Certain movies ask for the viewer to take a leap of faith when the theater goes dark and the show goes on. This is the world of make believe and creation, so it’s important for a film addict to consider that when walking into any film. Jason Reitman’s latest film, Labor Day, is a film that the cynics will have a field day with but a story that old fashion romantics like myself will step out of their seat and participate in this real life slice of escapism.
I credit Kate Winslet’s performance as the highlight of this film. When we first meet this single mom, Adele, she seems wounded and allergic to human interaction and exposure to conversation. Griffith, who plays her son Henry, is the only man in her life and this bird needs more love than that to take flight. Throughout the course of the film, Winslet runs the gauntlet of human emotion, from fearless happiness to complete sadness. It’s a marvelous and restrained performance. When an actress can show restraint and still convey a heavy dose of emotion, that’s a special event.
Brolin is very good as usual, playing the handyman of any woman’s dreams who swoops into this family’s broken life and starts putting it back together through some well-made pie, a few baseball lessons and just a presence. We see through flashbacks that this escaped convict has a world of pain all his own. If there is one man who can play the ultimate man in Hollywood, it’s Brolin. He’s easy to like here and shows off the right amount of vulnerability.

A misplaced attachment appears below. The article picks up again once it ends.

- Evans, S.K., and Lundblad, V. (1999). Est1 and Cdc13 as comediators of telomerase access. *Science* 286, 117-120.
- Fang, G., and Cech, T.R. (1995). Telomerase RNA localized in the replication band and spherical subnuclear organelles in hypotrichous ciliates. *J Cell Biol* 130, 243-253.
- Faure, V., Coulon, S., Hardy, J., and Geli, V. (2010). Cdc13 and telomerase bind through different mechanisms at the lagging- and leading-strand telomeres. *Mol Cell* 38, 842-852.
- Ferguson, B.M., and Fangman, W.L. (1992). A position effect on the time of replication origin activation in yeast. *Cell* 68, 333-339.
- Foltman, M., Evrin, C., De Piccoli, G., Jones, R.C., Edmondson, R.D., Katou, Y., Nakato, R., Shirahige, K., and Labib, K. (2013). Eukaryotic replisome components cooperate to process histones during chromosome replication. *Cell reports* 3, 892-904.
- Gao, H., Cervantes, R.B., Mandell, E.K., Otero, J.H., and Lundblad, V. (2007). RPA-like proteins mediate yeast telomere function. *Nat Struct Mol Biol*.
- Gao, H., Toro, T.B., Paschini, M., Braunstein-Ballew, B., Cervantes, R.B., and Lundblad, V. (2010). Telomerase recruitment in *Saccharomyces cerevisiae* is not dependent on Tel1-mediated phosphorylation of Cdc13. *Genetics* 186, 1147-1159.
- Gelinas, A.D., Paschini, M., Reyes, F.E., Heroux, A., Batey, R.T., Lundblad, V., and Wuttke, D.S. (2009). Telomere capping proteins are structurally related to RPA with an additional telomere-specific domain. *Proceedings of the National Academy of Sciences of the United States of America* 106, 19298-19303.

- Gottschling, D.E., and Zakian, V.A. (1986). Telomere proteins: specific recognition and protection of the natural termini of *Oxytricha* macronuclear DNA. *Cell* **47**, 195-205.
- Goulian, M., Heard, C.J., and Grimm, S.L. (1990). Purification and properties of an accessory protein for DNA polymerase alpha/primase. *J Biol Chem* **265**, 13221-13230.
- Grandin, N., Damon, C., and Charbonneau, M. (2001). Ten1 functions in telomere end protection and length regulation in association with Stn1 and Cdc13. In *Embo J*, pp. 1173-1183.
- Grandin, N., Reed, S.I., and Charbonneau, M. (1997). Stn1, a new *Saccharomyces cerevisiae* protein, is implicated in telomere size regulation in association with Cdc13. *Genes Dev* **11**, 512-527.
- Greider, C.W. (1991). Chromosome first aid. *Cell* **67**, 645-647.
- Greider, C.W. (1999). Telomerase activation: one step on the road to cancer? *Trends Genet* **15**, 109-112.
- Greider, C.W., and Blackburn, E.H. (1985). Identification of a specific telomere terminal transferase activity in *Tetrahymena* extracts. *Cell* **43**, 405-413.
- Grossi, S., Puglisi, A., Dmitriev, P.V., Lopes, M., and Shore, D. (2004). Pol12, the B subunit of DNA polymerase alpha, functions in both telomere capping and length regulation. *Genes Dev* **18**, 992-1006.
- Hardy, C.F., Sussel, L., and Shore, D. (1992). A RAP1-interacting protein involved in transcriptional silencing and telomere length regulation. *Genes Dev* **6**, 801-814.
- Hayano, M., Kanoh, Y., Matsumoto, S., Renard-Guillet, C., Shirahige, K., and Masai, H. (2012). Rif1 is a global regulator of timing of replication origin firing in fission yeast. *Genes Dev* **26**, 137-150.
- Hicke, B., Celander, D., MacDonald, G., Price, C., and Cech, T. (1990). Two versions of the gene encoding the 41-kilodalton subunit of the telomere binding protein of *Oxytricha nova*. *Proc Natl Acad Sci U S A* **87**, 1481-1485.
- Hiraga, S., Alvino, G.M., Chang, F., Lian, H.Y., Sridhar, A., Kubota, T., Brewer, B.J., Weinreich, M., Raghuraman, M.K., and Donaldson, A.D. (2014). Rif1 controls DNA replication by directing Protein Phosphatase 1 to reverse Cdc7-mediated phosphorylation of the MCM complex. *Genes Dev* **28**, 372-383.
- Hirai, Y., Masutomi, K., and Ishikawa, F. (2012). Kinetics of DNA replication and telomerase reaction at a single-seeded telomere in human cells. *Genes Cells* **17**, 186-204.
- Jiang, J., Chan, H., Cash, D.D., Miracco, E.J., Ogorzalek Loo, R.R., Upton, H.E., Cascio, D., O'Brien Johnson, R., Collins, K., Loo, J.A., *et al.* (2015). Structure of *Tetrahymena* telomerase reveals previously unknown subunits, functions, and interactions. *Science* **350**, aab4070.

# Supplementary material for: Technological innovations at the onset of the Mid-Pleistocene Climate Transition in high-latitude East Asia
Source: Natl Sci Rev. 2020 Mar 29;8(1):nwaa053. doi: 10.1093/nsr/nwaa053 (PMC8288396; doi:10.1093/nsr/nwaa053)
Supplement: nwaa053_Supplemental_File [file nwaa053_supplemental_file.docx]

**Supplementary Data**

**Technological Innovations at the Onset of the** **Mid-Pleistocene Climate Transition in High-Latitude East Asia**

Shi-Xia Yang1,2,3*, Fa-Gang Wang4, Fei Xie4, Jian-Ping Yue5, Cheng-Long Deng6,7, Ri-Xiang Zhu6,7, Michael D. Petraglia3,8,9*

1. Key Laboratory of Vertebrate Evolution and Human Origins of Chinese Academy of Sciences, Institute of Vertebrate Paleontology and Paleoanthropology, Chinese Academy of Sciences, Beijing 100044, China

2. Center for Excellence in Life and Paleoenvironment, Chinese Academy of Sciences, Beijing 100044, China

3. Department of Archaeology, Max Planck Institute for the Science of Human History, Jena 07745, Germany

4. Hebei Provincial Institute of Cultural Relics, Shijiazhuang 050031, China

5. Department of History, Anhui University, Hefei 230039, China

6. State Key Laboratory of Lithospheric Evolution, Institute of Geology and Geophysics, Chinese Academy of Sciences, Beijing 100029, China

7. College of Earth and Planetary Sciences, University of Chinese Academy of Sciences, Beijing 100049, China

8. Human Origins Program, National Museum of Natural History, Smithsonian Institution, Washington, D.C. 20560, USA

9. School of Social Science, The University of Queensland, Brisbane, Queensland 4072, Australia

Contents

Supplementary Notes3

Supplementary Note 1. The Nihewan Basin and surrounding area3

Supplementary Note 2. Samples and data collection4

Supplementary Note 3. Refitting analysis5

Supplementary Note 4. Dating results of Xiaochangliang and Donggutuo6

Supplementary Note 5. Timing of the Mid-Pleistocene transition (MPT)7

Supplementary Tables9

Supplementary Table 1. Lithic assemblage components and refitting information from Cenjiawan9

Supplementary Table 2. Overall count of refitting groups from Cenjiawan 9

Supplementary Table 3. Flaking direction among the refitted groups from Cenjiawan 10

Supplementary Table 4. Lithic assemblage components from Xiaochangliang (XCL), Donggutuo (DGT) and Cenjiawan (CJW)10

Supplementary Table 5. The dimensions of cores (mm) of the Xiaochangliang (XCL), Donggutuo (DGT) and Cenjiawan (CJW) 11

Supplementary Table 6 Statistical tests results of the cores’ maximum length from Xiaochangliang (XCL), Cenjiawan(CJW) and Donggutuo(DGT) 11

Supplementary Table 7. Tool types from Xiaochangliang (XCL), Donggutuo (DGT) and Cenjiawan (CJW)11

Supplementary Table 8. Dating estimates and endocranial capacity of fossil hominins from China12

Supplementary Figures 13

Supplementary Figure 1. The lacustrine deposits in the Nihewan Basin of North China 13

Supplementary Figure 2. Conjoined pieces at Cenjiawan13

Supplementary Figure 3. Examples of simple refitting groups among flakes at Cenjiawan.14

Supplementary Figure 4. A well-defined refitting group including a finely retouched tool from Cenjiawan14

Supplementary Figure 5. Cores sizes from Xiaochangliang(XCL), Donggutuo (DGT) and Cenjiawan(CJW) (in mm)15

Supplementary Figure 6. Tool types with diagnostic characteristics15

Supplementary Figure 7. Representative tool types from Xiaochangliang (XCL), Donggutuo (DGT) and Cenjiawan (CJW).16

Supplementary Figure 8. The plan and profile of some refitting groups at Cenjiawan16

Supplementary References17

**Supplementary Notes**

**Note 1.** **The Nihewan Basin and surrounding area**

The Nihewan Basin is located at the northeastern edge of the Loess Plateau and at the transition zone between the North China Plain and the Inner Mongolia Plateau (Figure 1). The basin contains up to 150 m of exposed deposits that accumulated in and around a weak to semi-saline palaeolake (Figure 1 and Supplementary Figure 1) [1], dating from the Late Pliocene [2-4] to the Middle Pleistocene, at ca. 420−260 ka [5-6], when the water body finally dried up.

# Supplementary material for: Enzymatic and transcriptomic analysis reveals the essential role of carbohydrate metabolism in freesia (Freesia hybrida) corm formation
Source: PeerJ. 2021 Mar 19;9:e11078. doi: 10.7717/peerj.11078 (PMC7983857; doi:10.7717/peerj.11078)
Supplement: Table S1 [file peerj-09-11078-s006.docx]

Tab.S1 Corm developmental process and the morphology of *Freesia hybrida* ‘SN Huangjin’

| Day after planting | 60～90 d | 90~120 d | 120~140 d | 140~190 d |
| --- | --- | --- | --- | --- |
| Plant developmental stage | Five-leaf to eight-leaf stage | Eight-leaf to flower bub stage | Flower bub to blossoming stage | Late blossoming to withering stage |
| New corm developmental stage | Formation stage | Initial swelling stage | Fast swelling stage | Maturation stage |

Reitman handles Joyce Maynard’s book with care but isn’t afraid to add his stylistic touches and expertise to the story behind the camera. As we saw in his previous films Up in The Air and Juno, Reitman has a fine skill at crafting drama through simplistic methods. There isn’t a lot of melodrama or out of place action. Every plot step is immediate and the dialogue is treated perfectly here by a first rate cast.
There are parts of the plot that are hard to buy, but remember this is a movie based off a book so leave your seat and just let it take you for a couple hours. The power of creators is knowing when to manipulate real life and when to let it shine through their personal tale.
Labor Day isn’t pure escapism or perfectly built but will find a nice warm home with the romantics who believe in unconventional love stories. Reitman, Winslet, Brolin and Griffith were the right people to bring Maynard’s lovely written tale to the big screen and thus this movie is worth the trip.